My text, ‘Ecopolitics for teh Lulz: Transmedia Civil Disobedience in the Age of Fossil-Fuelled Information Capitalism’, has been published in Critical Habitations as a contribution to its third debate, ‘Pluralising Practices.’ According to the editors Alexander Dunst, Elahe Haschemi Yekani, Gudrun Rath and Anja Schwarz:
Cultural studies today fork distinct trajectories, thus making it impossible to speak of a unified cultural studies agenda – an approach that already carries plurality in its name. This heterogeneity has been strengthened by the increasing emphasis on practices of decolonising knowledge and the need for new transcultural approaches that transcend the limitations of regional studies. On the one hand, this development highlights the necessity of translation: of languages, concepts, between different intellectual approaches. On the other, this decolonial momentum reasserts the status of cultural studies as a political project that exceeds academic knowledge production and opens itself to epistemologies from the outside that challenge the university’s Eurocentrism, gender and class gaps. Experimental forms of knowledge production at the intersection of artistic, academic and activist research have proven central to these developments. They are open to diverse publics and are co-produced in dialogue with them.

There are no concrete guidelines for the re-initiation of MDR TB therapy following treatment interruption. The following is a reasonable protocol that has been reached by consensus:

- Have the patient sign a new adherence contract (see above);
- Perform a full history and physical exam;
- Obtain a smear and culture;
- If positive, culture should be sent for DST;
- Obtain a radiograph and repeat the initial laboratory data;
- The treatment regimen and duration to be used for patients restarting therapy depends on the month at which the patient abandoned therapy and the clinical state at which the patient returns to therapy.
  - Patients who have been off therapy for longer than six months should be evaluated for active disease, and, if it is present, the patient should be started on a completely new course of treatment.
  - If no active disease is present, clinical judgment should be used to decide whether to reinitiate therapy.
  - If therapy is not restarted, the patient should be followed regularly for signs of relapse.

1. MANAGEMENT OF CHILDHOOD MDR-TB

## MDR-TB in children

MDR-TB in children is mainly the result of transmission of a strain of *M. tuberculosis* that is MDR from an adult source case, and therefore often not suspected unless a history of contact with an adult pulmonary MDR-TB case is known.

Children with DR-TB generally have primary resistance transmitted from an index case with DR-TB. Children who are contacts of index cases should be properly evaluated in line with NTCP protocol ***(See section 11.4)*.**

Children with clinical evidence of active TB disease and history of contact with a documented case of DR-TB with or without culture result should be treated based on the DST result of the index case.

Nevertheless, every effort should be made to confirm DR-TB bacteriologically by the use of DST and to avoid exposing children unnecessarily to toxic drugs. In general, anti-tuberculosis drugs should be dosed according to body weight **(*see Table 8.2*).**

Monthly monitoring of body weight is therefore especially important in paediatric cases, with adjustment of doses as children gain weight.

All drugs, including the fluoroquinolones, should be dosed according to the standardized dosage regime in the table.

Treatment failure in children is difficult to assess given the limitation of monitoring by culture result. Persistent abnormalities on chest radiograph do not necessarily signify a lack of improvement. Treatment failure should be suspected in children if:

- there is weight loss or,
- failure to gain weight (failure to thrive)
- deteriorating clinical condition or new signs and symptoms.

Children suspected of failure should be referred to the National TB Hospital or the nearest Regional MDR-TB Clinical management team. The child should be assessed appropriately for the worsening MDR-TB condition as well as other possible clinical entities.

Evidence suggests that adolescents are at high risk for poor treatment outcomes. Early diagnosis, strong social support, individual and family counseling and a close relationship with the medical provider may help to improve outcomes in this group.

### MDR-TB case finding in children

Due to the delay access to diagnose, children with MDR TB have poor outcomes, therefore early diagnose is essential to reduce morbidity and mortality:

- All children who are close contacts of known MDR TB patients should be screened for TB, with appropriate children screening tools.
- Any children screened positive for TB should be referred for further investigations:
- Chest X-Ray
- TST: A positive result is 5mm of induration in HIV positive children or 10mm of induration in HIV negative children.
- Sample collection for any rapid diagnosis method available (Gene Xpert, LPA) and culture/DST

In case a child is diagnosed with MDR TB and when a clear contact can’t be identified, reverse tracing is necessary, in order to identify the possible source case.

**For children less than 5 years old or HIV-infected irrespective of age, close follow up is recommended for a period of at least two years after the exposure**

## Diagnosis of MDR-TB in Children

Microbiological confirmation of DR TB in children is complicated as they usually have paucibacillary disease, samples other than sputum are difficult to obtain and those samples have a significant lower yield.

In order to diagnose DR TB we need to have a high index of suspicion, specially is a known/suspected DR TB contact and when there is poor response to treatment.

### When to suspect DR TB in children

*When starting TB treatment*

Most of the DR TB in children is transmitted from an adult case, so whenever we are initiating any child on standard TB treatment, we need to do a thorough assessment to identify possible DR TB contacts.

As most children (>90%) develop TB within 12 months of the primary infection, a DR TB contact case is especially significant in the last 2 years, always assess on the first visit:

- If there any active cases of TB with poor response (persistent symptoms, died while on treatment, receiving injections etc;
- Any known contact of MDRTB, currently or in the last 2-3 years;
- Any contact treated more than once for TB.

My contribution reflects on The Climate Games, Paris 2015 simultaneous to COP21 and addresses a lack of “cyberactivism” across The Games platform, which was designed to integrate street actions with networked knowledge-sharing and organisation.I draw on the pioneering work of the Electronic Disturbance Theatre and the Critical Art Ensemble alongside the recent activities of “hacktivist” collective Anonymous, to discuss resonances between online and street activism and the potential for their further co-development.
Civil disobedience is premised on an idea that activists visibly break the law and risk imprisonment, dramatising an issue in full view of authorities and the media, in order to expose a greater injustice (Sauter 2014: 21). One could then argue that DDoS tools are legitimised in that they enable activists to register their dissent via technical means, despite regulations designed by their more powerful adversaries in industry and government to prevent them from doing so. Thus, it is imperative that such actions remain disruptive rather than conform to predictable social actions, such as an authorised street protest. Given the harsh penalties that those who undertake DDoS face and that activists using such means risk being labelled cyberterrorists, there is a need to develop more secure, sophisticated and arguably spectacular means of undertaking such actions.